By Bill Finley
The Jockey Club, the Breeders’ Cup and the Kentucky Thoroughbred Association have filed Amicus Curiae briefs supporting the rights of Churchill Downs and Keeneland to prohibit Lasix in races for 2-year-olds. The two Kentucky tracks are being sued by the Kentucky Horsemen’s Benevolent and Protective Association, which is seeking a temporary injunction that would stop the tracks from instituting so-called house rules that cover the Lasix ban. The three groups have asked the court to deny the injunction.
The news of the filing of the briefs by the industry groups was first reported by the Blood-Horse.
On Tuesday, a hearing regarding the Lasix matter was held before Franklin Circuit Judge Thomas Wingate. Wingate said he would have a ruling shortly.
Four Lasix-free races for 2-year-olds have already been run so far at Churchill. Keeneland has been approved to run a summer meet from July 8 to 12 and may have some 2-year-old races during the five days of racing. Both tracks are also set to eliminate the use of Lasix in stakes races in 2021.
“The United States is the only major racing jurisdiction within the world that continues to permit the use of furosemide on race day,” read the Breeders’ Cup’s brief. “Fortunately, other major racing jurisdictions within the United States have taken proactive measures to eliminate the use of furosemide on race day, including California, Florida, and New York (in Florida and New York solely through actions by the tracks). Breeders’ Cup anticipates that many other States will also shortly participate in this initiative as the leading racing associations announced in April of 2019 the commitment to prohibit the use of furosemide in 2020 in two-year-old races. If Kentucky wants to remain a leader in thoroughbred racing, Kentucky must unite to protect our horses, protect the sport, and protect most of the racing and breeding operations in the United States. Keeneland and Churchill certainly have the legal right to take such action.”
The KTA brief contended that the HBPA does not speak for the racing industry and went on to say that denying the temporary injunction “will promote the integrity ans safety of the horseracing industy and allow members of the KTA and the KHPBA alike to race their horses on equal competitive terms.”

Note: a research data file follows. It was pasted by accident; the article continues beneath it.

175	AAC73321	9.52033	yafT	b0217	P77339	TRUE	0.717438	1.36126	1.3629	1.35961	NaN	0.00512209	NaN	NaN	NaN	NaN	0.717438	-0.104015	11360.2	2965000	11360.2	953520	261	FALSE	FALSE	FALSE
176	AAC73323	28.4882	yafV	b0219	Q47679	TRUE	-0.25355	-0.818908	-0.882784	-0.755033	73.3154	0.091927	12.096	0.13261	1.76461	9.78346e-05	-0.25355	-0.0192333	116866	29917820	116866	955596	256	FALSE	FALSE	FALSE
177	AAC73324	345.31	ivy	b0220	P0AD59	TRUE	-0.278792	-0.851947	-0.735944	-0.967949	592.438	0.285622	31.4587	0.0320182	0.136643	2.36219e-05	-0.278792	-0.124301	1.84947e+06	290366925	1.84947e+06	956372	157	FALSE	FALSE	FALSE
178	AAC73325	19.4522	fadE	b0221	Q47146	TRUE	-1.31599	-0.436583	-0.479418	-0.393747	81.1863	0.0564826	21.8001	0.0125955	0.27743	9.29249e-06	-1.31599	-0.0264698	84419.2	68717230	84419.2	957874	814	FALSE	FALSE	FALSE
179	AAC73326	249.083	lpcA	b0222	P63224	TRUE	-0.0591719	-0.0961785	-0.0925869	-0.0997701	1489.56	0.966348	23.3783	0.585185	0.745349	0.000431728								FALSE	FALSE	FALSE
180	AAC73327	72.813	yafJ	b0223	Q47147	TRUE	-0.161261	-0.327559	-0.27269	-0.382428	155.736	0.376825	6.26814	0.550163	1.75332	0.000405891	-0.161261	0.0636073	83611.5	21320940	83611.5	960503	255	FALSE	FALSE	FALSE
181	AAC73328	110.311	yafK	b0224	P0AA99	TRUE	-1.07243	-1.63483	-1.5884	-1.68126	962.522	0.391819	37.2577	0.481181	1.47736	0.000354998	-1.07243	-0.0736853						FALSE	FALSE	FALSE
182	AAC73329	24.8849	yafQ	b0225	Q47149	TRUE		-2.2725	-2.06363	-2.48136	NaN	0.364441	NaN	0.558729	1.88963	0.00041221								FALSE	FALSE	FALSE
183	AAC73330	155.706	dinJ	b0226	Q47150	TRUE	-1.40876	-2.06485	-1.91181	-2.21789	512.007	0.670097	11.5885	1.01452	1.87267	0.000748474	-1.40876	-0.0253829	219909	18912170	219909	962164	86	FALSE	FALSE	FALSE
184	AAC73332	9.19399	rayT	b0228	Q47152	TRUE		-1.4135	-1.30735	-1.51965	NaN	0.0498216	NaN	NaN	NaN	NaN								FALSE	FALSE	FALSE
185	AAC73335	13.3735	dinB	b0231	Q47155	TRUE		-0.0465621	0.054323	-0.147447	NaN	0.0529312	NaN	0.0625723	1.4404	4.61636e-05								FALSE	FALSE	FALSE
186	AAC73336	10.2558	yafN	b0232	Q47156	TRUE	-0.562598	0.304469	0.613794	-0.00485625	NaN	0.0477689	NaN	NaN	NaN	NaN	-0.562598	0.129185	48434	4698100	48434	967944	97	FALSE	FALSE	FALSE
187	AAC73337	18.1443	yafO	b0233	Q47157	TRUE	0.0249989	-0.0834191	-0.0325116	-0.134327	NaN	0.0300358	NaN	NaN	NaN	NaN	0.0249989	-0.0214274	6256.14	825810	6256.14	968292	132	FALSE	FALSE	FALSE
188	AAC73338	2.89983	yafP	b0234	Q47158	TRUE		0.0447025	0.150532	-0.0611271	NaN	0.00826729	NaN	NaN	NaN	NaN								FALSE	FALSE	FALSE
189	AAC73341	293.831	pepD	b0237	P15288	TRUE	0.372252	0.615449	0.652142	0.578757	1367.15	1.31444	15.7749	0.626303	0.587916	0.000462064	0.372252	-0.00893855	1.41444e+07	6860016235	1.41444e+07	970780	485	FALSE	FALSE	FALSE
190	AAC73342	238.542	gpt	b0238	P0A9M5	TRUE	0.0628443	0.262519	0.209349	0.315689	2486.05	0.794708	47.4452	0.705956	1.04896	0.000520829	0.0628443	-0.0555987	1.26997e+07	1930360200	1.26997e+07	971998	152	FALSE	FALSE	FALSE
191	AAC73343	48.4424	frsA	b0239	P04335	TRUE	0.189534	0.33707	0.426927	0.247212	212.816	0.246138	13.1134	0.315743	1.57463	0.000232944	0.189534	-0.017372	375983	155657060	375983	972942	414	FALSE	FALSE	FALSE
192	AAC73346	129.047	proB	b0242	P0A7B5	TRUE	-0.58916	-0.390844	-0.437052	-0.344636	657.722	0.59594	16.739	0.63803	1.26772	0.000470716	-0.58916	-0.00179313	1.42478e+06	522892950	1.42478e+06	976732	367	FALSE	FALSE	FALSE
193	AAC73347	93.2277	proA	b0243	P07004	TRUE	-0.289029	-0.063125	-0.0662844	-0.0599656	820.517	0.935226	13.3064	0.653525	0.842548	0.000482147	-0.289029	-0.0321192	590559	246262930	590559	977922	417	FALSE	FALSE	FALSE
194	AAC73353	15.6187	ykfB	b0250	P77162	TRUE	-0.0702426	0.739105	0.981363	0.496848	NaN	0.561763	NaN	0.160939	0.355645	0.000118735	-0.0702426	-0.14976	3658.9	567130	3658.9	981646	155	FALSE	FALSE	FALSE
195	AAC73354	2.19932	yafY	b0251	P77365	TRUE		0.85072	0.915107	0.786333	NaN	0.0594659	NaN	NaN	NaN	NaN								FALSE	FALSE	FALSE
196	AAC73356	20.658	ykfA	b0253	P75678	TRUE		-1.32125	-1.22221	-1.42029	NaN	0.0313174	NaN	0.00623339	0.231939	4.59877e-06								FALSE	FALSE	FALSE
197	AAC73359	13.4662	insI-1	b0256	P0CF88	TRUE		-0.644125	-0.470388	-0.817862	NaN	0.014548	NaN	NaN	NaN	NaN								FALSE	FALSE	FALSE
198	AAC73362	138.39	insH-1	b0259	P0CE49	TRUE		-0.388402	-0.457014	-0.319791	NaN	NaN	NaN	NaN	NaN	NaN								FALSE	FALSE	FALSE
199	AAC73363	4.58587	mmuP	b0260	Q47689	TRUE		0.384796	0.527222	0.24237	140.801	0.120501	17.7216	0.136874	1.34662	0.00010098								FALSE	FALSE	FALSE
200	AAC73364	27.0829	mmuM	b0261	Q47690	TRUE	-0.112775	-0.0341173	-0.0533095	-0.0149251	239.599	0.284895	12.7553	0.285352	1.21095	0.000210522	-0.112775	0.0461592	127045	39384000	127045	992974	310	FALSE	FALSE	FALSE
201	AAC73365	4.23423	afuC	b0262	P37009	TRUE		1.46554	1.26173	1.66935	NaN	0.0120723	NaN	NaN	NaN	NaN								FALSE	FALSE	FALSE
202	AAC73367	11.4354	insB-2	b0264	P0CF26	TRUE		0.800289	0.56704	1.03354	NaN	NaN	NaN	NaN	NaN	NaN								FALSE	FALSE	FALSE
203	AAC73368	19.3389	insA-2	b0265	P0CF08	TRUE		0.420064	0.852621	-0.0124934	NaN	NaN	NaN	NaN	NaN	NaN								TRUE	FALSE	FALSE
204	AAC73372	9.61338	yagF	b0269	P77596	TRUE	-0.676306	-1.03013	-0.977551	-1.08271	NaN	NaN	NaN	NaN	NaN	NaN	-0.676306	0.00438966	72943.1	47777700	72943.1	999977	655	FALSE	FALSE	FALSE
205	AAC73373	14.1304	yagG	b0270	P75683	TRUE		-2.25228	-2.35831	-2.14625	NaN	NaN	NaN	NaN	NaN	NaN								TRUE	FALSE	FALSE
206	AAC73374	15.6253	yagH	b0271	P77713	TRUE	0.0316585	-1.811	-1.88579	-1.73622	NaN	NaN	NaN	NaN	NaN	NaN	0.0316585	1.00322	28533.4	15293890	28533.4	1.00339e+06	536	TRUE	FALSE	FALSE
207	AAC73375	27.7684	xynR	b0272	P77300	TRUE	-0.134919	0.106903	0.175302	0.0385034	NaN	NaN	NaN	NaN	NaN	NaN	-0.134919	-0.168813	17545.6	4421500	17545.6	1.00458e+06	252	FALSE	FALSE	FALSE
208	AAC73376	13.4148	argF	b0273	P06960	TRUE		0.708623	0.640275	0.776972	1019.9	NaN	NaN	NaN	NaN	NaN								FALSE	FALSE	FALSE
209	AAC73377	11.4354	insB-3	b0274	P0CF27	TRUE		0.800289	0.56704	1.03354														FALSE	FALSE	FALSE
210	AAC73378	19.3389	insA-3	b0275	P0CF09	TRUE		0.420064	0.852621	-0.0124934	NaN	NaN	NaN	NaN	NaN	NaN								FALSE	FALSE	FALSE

The Jockey Club made many of the same points, arguing that “Thoroughbred horses compete Lasix-free in every major racing country around the world (including England, Ireland, France, Hong Kong, Australia, Japan) without harm to the horses, their connections, or the integrity of racing.”
According to the Blood-Horse report, Wednesday’s hearing focused on 2015 regulations enacted by the Kentucky Horse Racing Commission, which was also named in the HBPA’s suit, that permitted the tracks to decide whether or not to allow Lasix. Then Kentucky Attorney General Jack Conway issued an opinion that a regulation that permitted tracks to ban Lasix “was an invalid and illegal delegation of the KHRC’s authority to private actors.”
The Kentucky Horse Racing Commission has approved a plan that calls for phasing out Lasix, but the new rules have not undergone all the steps that must take place before the regulations can become part of Kentucky’s state code. Because the KHRC’s rules have yet to go into effect, it was left to tracks to take steps to ban Lasix in 2-year-old races.